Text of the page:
Jamali Maddix: Strip Club Einstein
- Jay Richardson
- 17 March 2020
This article is from 2020
A rough diamond scoundrel with a strong show that remains a captivating conundrum
Plenty of things Jamali Maddix says don't survive scrutiny to the next routine, never mind the cold light of day. Suggesting that white people have somehow ruined terrorism for example, appropriating it from other races, is impressively illogical on a number of levels. Still, it's rare in the moment of utterance that you don't get onboard with his train of thought, such is his prophetic posturing and incorrigible, rough diamond charm.
Waggishly provocative, belligerent on occasion and philosophical in his efforts to locate the line of offence, Maddix hitches himself to recklessness and repents at haste, in stand-up and in life. He throws out a contentious thought or ill-advised punch, then instantly questions his motives, hastily disclaims or gets the lawyers involved. Consistency is a tough ask for a comic, and Maddix makes it abundantly clear that he just wants an easier life, pithily encapsulating why he wants to be a dad but not a father, this perfectly formed nugget encapsulating male behaviour, his own family history and his instinctive fecklessness.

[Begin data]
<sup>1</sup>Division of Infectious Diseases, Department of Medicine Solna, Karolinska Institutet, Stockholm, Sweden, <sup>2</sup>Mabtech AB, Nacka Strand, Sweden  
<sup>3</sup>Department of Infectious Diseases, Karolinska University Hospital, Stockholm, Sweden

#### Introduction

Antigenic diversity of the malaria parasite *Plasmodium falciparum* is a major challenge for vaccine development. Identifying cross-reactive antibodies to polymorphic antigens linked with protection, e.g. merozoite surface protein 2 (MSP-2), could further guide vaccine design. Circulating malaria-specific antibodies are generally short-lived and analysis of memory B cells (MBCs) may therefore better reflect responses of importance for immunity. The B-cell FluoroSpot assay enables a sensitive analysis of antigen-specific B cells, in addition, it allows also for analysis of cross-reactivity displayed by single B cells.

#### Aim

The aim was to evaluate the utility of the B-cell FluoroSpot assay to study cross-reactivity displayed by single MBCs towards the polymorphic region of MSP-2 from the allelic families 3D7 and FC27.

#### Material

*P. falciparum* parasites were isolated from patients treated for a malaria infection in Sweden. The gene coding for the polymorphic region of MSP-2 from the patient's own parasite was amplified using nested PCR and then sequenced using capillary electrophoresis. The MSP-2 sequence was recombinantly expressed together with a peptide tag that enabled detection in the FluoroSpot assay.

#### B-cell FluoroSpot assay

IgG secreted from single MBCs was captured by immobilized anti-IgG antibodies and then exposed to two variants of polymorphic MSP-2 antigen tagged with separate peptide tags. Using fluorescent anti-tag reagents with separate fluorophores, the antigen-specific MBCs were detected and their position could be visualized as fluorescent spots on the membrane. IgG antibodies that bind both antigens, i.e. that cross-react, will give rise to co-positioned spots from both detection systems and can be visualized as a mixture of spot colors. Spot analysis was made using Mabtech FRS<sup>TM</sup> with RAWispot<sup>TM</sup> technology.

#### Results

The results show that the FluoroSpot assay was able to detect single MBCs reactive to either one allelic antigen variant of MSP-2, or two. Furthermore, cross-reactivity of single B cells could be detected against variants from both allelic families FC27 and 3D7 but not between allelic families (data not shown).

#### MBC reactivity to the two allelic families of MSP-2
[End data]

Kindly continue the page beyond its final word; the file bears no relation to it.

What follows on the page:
His great strength is his candour about the flexibility of his principles. He is pro sex workers, until an encounter in Germany sends him into a spiral of panic. He's laissez-faire about other sexualities, until an incident in a gay bar makes him acknowledge a degree of homophobia. Wonderfully, you can't ever be sure which is the truer him, the scoundrel or the penitent, how much of either has been affected for the laugh or whether he even has a firm grip on it himself.
Weary of making his challenging documentaries about extreme groups and racial unrest, he took a stand. Until levels of payment were mentioned. But how much of his not altogether successful closing routine is derived from genuine feelings of race resentment, inequality of justice or simply seeking a talking-point finale? Jamali Maddix on form is a compelling conundrum, self-lacerating yet still alighting on some social truths.
Jamali Maddix: Strip Club Einstein tours until Sunday 30 August. Seen at Blackfriars Basement, Glasgow.